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Inheriting money? Here are 5 mistakes to avoid

When President Trump released his list of proposals for changes in the tax code (aka, the “2017 Tax Reform for Economic Growth and American Jobs”), one of the 19 bullet points was “Repeal the death tax,” thrusting estate and gift taxes back into the national debate.

As a refresher: The federal government taxes estates at up to 40 percent but provides an exemption for individuals up to $5,490,000 in 2017 and twice that amount for married couples.

The high threshold makes the estate tax applicable to very few Americans. In 2015, only 11,917 estates filed estate and generation-skipping transfer tax forms with the IRS. As the exemption amount increases, the number of those filing should decrease. The Tax Policy Center estimates that about 11,000 individuals dying in 2017 will leave estates large enough to require filing an estate tax return, which will total nearly $20 billion. “Nearly 70 percent of these taxable estates will come from the top 10 percent of income earners and over 25 percent will come from the top 1 percent alone.”

As for the impact on small farms and closely held businesses, which the Trump administration claims are burdened by the estate tax, the Tax Policy Center estimates that they will pay $20 million in estate tax in 2017, 0.1 percentage of the total estate tax revenue.

If you are fortunate enough to actually inherit money, with or without taxes, keep in mind that a windfall can cause unforeseen difficulties. That’s why it’s important to avoid critical mistakes in order to make the process go more smoothly.

MISTAKE NO. 1 Spending mindlessly. It can be tempting to go out and make a big purchase, but until you have developed a long-term game plan, slow down and try to avoid spending on what you may tell yourself is “just a small indulgence.” A series of those purchases can morph into bigger ones that might rob you of your ability to reach your overall goals for the inheritance.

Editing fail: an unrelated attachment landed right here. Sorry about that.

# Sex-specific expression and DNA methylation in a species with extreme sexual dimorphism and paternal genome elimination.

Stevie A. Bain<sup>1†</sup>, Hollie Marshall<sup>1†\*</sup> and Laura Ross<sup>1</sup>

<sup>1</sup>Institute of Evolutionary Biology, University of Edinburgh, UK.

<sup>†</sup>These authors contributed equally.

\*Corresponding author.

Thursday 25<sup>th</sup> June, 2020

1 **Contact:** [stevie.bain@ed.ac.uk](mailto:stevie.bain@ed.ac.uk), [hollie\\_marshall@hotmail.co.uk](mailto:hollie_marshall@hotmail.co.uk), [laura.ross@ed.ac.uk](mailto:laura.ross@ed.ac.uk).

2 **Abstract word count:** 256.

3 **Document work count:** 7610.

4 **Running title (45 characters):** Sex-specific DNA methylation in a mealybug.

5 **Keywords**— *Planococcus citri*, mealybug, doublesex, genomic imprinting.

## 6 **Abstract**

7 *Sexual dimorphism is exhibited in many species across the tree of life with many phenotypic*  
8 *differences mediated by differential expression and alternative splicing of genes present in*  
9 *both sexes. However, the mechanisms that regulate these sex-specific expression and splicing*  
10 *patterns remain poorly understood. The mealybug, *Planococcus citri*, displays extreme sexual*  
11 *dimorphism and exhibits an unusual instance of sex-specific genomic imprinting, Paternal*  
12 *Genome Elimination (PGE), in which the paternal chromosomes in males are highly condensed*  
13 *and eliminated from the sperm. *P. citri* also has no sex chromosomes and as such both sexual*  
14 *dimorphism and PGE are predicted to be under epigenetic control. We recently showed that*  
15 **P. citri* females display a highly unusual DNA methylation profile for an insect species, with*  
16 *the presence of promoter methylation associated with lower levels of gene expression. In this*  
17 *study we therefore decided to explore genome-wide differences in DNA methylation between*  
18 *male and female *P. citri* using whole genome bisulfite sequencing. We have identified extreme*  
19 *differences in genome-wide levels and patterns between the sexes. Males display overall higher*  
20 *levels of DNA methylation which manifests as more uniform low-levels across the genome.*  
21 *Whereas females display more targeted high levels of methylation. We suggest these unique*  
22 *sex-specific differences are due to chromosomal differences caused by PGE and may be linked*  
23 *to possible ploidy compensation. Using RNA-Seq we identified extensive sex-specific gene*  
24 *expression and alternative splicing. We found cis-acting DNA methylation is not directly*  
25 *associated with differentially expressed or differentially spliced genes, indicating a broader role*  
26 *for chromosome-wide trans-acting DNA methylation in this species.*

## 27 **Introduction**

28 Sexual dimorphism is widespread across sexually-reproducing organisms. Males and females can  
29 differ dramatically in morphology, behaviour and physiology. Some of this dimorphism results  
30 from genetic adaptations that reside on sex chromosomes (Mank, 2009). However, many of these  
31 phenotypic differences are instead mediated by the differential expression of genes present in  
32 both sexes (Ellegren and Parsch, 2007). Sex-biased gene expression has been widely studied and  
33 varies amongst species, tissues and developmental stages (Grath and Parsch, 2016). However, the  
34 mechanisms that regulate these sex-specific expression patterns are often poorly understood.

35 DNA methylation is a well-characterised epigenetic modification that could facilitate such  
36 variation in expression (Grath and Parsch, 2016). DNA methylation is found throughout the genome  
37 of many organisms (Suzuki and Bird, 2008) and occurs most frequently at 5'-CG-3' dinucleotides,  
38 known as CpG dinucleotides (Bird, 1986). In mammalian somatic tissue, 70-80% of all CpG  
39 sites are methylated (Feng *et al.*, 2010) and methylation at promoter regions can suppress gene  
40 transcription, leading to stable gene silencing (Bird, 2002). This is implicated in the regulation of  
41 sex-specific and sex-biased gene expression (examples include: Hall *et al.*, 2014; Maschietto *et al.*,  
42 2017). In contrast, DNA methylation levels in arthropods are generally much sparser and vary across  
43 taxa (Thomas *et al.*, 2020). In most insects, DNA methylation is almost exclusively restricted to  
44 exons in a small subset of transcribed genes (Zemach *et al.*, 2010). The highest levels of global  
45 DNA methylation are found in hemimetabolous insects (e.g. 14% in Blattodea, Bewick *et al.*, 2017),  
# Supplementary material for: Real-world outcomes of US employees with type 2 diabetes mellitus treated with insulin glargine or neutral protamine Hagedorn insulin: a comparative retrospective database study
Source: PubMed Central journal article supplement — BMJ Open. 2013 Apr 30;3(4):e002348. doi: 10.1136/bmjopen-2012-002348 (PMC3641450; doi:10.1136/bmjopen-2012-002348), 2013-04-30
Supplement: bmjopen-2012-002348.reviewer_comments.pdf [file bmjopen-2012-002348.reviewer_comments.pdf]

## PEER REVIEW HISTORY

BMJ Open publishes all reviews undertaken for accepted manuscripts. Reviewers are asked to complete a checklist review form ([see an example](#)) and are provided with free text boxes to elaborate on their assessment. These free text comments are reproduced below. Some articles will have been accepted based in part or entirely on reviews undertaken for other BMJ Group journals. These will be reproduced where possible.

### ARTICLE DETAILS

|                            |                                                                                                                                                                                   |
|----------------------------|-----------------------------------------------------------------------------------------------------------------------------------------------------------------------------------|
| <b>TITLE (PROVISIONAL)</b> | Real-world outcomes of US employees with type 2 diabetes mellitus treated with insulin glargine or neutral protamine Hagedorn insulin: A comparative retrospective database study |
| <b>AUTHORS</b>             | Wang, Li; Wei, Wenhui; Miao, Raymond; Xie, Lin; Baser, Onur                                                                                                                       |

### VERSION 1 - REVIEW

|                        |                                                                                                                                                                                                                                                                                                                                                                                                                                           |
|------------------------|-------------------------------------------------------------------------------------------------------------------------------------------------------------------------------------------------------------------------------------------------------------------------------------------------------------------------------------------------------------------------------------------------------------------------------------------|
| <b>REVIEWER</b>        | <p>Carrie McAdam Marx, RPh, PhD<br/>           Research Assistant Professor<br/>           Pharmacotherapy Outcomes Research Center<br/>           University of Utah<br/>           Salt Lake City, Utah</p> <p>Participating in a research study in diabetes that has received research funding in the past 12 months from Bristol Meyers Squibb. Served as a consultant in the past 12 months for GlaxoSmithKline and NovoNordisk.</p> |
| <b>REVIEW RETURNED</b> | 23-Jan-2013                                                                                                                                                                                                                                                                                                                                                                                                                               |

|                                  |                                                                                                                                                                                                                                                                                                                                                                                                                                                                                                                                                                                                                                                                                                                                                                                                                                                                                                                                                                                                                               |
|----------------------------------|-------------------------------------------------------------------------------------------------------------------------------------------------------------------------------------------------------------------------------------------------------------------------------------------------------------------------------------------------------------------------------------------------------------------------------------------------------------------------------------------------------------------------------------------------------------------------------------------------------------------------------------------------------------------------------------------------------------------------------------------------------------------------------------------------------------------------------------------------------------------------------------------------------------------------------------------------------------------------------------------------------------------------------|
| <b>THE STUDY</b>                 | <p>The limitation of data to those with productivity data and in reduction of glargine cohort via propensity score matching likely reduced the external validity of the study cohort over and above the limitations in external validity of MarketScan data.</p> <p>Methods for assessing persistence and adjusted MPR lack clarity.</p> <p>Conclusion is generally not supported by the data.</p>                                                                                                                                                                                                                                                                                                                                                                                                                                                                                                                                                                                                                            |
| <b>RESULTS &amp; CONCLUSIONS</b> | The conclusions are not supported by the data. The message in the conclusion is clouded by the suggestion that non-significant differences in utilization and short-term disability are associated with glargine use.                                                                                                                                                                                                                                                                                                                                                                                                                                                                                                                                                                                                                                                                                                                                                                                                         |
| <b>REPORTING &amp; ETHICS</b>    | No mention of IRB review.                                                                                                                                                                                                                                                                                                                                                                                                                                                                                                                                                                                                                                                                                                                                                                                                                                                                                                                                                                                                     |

MISTAKE NO. 2 Going it alone. Maybe you manage your 401(k) plan or even breeze through your tax preparation, but when anyone receives a windfall, whether it’s an inheritance or even lottery proceeds, it can be helpful to assemble a team, including an estate attorney, an accountant and a certified financial planner. The team will help guide you through the process and as importantly, create a long-term plan for how the inheritance can be used to achieve your financial goals.

MISTAKE NO. 3 Making decisions too quickly. It took someone a lifetime to accumulate an estate, which is why you need to be careful not to make any big life decisions, such as selling a house or quitting a job, too early in the process. Use your team to help create a timeline of goals and remember that an inheritance often coincides with loss, so give yourself enough space to grieve.

MISTAKE NO. 4 Becoming paralyzed in the investment process. Sometimes people who receive a lump sum become so worried about “investing at the top” that they become immobilized and do nothing. One way to conquer this fear is to consider dollar cost averaging, the investment strategy that divides the available money into equal parts and then periodically invests the money in a diversified portfolio over time.

MISTAKE NO. 5 Providing for everyone except yourself. You love your kids. You love your friends. You love your charitable organizations. That said, until you have thought through your plan and whether or not you will include personal or official charity in it, push the pause button. There will be plenty of time to provide generous support without putting your own financial security at risk.

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